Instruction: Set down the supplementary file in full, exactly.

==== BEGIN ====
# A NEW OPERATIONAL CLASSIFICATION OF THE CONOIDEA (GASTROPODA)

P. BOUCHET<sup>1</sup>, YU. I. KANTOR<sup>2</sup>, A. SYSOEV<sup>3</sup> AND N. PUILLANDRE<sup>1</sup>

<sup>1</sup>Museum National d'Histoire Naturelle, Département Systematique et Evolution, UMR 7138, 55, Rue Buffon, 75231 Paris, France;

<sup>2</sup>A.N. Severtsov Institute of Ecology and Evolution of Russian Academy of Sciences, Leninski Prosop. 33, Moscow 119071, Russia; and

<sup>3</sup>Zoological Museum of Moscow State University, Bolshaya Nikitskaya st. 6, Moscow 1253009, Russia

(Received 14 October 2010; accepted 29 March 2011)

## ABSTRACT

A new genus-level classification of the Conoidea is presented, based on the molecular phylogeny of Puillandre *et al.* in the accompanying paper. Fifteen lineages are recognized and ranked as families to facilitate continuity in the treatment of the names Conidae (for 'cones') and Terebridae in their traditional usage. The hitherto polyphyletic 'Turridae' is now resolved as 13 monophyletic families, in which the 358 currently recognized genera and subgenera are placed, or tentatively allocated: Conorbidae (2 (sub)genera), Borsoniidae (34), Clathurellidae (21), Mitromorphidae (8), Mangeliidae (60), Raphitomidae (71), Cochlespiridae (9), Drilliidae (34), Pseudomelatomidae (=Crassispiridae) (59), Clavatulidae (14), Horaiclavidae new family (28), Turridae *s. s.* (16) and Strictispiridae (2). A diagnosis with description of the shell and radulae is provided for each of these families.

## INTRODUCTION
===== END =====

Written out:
# A NEW OPERATIONAL CLASSIFICATION OF THE CONOIDEA (GASTROPODA)

P. BOUCHET<sup>1</sup>, YU. I. KANTOR<sup>2</sup>, A. SYSOEV<sup>3</sup> AND N. PUILLANDRE<sup>1</sup>

<sup>1</sup>Museum National d'Histoire Naturelle, Département Systematique et Evolution, UMR 7138, 55, Rue Buffon, 75231 Paris, France;

<sup>2</sup>A.N. Severtsov Institute of Ecology and Evolution of Russian Academy of Sciences, Leninski Prosop. 33, Moscow 119071, Russia; and

<sup>3</sup>Zoological Museum of Moscow State University, Bolshaya Nikitskaya st. 6, Moscow 1253009, Russia

(Received 14 October 2010; accepted 29 March 2011)

## ABSTRACT

A new genus-level classification of the Conoidea is presented, based on the molecular phylogeny of Puillandre *et al.* in the accompanying paper. Fifteen lineages are recognized and ranked as families to facilitate continuity in the treatment of the names Conidae (for 'cones') and Terebridae in their traditional usage. The hitherto polyphyletic 'Turridae' is now resolved as 13 monophyletic families, in which the 358 currently recognized genera and subgenera are placed, or tentatively allocated: Conorbidae (2 (sub)genera), Borsoniidae (34), Clathurellidae (21), Mitromorphidae (8), Mangeliidae (60), Raphitomidae (71), Cochlespiridae (9), Drilliidae (34), Pseudomelatomidae (=Crassispiridae) (59), Clavatulidae (14), Horaiclavidae new family (28), Turridae *s. s.* (16) and Strictispiridae (2). A diagnosis with description of the shell and radulae is provided for each of these families.

## INTRODUCTION